Basic Economy is Helping Airlines Squeeze More Cash from Passengers

Feeling the squeeze? All of the nation’s airlines juice more cash out of each passenger carried so far this year.

Did you feel that? Is your annual travel budget feeling a bit pinched? For the first time in years, airlines have found a way to make more money off each individual flier.

Susan Carey, of The Wall Street Journal, reports that every U.S. airline is expecting increases in unit-revenue this year. Delta is expected to post its first year-over-year gain since 2014, Carey writes.

Lower fares, higher prices?

American, Delta and United have all been advertising new fares at bargain basement prices. Meanwhile, they are squeezing more cash out of the average customer. A dive into this paradox might reveal some of the impetus behind perplexing and controversial “basic economy” fares.

“Big airlines are expanding “basic economy fares to compete with discounters,” Carey writes. Does that make sense?

Capacity at major carriers, unlike discount carriers, has not increased dramatically in recent years. American, Delta and United have been making efforts to cut seat capacity at a fairly regular tick since at least 2013. Larger aircraft, like Boeing 747s and 757s, are being replaced on the same routes by smaller aircraft, like Boeing 777s and 737s.

Big airlines aren’t increasing profits by making fares more affordable and carrying a greater share of the travelling public. They are now driving profits by raking in more cash from each passenger.

Hidden costs

How do basic economy fares fit into this? As Gary Leff, at View From the Wing, reported in January, basic economy fares are masking fare increases:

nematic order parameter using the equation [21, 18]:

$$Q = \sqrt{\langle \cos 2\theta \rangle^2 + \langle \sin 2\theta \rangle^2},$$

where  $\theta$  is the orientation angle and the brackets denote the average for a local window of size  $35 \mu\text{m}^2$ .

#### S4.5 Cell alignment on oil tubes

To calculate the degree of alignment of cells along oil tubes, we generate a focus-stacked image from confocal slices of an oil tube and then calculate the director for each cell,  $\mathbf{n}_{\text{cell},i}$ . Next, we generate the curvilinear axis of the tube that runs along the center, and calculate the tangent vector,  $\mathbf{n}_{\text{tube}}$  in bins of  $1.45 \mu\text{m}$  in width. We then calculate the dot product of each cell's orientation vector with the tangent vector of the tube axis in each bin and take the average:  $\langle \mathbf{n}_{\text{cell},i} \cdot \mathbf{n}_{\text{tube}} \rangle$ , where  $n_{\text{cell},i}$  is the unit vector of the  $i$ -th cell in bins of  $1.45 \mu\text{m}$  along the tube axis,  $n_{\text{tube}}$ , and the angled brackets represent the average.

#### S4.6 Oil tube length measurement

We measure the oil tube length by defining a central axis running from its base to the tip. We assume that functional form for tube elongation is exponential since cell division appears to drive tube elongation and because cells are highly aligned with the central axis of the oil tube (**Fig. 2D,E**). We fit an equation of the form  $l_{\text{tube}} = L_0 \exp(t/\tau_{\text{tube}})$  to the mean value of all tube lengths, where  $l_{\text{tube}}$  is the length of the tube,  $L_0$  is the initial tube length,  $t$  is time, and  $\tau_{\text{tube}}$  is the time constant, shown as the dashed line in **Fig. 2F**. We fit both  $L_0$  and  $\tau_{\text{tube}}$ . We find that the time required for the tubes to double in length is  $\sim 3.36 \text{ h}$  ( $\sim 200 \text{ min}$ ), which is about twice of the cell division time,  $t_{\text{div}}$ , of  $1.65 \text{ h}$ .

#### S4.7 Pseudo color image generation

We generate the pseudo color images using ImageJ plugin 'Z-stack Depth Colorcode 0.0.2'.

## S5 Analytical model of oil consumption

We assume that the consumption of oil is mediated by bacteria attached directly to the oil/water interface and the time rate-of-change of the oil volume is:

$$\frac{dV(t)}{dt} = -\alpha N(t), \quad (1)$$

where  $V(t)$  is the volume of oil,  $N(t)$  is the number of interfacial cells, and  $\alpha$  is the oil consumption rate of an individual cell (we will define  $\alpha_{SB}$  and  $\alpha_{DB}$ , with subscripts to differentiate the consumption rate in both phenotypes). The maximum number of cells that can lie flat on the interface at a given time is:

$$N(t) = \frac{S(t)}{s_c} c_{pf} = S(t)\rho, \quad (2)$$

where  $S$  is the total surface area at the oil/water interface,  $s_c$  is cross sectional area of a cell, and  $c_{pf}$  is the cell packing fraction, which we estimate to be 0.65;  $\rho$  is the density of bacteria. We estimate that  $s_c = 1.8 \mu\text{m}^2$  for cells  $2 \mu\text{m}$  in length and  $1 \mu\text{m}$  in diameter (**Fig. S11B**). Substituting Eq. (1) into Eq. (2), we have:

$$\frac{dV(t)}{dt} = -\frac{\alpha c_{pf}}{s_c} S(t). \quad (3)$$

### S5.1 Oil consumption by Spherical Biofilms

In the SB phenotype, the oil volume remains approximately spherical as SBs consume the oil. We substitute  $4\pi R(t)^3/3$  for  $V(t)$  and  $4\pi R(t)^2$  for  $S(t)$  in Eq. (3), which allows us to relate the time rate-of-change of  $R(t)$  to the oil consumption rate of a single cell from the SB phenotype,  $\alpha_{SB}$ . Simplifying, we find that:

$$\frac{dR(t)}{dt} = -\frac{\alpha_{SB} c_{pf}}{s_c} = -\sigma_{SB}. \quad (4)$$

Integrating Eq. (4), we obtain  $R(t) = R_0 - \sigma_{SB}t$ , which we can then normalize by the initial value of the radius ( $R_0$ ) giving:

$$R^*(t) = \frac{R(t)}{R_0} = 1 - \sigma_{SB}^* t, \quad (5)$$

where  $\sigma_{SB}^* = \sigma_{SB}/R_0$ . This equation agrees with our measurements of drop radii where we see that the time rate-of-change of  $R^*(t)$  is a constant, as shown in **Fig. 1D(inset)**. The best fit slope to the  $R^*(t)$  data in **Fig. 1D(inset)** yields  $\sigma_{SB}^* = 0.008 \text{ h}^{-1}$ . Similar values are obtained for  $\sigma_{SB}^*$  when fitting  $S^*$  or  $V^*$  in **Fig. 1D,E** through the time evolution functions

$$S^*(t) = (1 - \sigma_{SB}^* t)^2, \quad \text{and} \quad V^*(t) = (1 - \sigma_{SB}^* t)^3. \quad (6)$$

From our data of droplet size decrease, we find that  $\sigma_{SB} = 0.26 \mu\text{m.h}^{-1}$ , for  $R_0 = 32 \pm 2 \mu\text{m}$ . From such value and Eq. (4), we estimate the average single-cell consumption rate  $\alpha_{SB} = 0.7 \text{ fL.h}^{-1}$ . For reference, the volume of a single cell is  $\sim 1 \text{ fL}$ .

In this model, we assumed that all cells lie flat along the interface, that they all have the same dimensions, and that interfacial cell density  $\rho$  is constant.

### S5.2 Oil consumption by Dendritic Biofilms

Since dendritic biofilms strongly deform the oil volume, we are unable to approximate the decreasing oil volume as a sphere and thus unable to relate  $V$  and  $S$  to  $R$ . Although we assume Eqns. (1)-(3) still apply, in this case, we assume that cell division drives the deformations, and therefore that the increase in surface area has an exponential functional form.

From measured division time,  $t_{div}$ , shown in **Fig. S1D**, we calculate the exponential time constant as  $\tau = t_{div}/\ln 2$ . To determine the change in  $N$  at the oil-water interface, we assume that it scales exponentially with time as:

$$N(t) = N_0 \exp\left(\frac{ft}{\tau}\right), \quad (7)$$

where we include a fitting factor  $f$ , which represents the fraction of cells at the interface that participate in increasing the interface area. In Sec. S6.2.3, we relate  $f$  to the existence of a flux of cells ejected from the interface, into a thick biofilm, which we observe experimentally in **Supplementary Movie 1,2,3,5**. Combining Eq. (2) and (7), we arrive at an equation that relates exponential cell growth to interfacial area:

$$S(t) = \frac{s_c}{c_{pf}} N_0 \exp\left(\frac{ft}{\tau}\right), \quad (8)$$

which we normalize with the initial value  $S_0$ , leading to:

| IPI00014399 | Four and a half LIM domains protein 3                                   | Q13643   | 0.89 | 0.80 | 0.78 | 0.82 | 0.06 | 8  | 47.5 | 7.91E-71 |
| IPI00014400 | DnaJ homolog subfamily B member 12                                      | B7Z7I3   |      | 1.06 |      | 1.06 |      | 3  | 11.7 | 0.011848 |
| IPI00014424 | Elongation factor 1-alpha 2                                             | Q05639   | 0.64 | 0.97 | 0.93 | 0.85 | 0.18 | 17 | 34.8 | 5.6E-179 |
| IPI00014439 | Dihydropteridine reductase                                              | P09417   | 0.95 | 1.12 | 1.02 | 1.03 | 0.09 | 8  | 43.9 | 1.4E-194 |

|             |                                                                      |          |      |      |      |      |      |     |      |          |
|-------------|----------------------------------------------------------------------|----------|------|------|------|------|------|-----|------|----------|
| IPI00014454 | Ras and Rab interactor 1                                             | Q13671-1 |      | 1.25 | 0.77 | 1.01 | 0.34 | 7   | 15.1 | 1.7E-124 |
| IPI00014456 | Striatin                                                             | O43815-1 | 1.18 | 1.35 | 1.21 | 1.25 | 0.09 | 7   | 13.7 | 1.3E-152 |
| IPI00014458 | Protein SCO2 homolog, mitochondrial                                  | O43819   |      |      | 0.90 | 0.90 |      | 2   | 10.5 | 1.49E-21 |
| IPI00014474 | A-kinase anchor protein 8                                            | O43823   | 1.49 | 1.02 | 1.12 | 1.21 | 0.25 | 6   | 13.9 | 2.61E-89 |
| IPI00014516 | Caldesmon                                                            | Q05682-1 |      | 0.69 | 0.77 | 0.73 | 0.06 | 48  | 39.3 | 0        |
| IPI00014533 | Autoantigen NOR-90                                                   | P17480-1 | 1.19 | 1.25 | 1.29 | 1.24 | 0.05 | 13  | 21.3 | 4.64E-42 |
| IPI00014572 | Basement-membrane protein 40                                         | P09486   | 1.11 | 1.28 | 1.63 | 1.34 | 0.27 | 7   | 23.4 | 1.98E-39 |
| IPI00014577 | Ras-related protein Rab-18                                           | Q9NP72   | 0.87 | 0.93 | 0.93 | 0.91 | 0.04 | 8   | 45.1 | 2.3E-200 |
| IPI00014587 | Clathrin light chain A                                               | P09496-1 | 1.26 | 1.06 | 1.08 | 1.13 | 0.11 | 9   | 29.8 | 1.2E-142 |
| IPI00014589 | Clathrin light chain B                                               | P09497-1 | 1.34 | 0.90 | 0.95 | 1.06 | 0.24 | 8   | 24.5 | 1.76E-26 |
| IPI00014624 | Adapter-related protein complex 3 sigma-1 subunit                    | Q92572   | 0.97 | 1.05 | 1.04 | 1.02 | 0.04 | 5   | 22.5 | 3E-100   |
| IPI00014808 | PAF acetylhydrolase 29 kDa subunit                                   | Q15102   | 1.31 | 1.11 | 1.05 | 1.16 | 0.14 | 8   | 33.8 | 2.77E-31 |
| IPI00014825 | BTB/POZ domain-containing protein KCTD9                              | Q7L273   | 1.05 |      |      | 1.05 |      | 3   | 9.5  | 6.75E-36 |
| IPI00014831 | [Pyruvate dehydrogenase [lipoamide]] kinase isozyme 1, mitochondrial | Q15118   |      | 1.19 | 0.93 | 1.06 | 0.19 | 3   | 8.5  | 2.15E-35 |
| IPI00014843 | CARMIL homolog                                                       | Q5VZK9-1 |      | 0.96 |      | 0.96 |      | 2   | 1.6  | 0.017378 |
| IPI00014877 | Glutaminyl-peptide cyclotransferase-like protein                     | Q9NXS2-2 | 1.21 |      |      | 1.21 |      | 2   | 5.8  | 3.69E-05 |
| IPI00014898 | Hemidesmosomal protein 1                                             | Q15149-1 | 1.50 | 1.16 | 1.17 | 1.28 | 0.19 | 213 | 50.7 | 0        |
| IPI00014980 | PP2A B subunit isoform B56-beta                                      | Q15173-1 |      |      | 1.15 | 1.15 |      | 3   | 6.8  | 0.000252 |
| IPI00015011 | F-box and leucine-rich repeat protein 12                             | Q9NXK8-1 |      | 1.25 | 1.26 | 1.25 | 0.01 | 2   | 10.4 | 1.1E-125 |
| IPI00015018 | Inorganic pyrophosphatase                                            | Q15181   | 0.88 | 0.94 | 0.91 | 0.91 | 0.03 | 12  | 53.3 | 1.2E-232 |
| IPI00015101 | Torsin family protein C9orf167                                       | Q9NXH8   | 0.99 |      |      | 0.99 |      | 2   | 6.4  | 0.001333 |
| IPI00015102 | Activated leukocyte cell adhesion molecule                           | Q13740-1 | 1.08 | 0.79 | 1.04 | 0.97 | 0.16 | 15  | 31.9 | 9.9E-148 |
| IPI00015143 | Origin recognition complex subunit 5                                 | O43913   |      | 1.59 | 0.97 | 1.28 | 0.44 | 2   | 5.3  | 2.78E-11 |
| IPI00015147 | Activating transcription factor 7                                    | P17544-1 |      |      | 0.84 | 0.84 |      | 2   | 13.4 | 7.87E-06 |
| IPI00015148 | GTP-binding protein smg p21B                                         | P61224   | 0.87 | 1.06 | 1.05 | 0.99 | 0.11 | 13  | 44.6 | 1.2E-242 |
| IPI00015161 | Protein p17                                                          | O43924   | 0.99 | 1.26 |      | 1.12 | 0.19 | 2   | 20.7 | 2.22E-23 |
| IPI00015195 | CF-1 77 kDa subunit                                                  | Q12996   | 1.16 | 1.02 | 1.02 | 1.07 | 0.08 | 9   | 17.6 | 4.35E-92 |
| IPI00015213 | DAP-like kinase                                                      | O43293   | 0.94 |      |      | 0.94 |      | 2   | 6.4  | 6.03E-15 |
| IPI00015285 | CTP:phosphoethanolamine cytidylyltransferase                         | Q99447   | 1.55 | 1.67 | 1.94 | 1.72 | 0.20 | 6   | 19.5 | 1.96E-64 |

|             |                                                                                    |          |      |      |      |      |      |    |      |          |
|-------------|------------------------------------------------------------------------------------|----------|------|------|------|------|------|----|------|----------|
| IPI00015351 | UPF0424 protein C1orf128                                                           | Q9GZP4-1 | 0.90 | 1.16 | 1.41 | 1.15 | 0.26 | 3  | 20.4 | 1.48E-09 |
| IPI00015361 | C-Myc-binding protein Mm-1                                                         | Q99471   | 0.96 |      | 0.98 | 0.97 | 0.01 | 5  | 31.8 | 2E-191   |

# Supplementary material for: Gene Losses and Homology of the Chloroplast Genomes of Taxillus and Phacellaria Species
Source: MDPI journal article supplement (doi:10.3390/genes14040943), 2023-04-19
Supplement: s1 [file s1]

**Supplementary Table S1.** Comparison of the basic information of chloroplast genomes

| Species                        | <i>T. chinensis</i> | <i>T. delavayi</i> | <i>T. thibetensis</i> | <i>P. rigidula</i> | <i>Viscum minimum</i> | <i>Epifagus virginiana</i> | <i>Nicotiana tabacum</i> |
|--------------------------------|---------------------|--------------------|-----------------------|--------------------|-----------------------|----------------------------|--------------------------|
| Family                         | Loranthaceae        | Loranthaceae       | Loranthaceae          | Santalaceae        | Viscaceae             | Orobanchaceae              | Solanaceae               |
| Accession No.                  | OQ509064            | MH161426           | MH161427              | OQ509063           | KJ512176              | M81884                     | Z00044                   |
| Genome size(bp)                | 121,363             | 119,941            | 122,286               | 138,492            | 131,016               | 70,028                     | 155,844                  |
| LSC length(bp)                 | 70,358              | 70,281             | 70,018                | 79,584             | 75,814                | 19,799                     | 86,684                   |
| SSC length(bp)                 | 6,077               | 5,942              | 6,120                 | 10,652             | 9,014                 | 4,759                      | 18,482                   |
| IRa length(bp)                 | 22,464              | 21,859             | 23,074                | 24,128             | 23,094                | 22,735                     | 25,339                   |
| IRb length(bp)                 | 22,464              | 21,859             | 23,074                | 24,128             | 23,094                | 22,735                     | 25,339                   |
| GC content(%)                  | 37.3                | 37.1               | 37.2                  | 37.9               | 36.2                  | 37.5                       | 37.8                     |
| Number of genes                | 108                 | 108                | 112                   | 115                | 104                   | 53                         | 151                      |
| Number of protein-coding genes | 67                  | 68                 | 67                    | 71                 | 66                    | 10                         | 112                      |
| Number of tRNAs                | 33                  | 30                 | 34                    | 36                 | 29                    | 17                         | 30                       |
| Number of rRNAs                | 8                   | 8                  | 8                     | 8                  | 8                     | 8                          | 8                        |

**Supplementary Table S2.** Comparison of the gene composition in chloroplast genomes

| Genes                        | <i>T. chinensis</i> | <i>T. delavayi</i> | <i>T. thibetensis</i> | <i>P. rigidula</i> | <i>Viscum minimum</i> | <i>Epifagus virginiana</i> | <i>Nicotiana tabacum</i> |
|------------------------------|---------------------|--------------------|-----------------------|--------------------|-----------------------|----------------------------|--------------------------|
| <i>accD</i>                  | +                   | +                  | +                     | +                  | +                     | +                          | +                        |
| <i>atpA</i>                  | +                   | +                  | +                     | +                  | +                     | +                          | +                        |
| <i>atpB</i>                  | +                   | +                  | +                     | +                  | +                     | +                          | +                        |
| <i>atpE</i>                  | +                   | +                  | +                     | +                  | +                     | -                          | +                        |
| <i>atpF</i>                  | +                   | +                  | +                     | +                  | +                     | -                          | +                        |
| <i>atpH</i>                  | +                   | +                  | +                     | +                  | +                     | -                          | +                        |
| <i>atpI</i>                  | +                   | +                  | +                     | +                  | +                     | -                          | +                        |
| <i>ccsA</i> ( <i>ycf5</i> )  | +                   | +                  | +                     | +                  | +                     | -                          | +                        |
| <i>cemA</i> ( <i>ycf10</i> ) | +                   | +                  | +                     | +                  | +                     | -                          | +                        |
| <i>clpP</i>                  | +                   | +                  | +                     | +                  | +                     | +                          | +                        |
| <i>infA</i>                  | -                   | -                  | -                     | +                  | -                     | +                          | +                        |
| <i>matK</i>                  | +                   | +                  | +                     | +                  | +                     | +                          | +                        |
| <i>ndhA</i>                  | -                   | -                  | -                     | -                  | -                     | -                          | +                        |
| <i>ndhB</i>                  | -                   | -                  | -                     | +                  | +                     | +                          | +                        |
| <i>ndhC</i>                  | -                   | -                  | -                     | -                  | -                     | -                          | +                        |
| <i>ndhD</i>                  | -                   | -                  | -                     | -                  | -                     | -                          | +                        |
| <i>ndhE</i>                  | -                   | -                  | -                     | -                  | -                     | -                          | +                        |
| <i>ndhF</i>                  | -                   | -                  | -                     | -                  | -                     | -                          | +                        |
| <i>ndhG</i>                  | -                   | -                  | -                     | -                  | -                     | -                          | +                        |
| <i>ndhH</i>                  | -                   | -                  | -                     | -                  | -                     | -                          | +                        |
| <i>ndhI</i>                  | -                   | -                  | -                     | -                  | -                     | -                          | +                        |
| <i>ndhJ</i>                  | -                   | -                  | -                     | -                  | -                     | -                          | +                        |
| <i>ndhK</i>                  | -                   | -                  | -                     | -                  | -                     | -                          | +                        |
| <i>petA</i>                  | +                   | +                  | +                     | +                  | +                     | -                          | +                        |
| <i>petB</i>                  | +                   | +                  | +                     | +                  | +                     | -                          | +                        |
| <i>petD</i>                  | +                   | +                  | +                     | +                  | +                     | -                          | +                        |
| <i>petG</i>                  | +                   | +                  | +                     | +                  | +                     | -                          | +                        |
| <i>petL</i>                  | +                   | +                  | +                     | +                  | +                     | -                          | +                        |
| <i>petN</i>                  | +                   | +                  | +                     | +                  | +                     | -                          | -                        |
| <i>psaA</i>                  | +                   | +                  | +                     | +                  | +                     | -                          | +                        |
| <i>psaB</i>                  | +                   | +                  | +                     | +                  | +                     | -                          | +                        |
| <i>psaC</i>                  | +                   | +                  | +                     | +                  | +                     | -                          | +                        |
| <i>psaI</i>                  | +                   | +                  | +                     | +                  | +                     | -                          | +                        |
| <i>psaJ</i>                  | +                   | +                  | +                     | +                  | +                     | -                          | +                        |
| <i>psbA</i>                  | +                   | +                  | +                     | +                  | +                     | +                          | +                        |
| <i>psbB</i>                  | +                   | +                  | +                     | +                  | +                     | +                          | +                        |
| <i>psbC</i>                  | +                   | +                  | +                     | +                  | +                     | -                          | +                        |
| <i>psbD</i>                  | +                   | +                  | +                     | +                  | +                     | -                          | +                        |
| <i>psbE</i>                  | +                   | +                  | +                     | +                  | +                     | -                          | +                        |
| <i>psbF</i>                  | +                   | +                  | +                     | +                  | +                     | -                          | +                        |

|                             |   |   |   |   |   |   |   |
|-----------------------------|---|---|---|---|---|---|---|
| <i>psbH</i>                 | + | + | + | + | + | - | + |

1. “1. This isn’t about offering you lower fares. The major carriers have already largely been matching the lowest fares in the market.

  2. 2. Basic economy is a way of moving some passengers who purchase those fares today to buy more expensive fares instead.”

Last month I wrote about the deception that occurs when these basic economy fares mix and mingle in search engines. The basic fares act like a paper tiger, giving flight shoppers the impression that prices are lower than they actually are. On United and American, the difference in price between a basic economy fare and a higher standard economy fare is often less than the bag fee basic economy fliers are forced to pay — if they want to bring anything bigger than a backpack with them.

There is no discount in the world of basic economy, just a fare that appears $20 cheaper. The actual fare is higher than it used to be, and higher than competitors non-basic fares on the same routes.

The big three all expect to earn 3 to 6-percent higher unit-revenue — or cash collected per seat — by year’s end, The Journal reports. Many carriers are posting record or near-record profit figures.

In my column I called basic economy fares a deceptive business practice. Those “low fares” underscore a big payoff in the boardroom.

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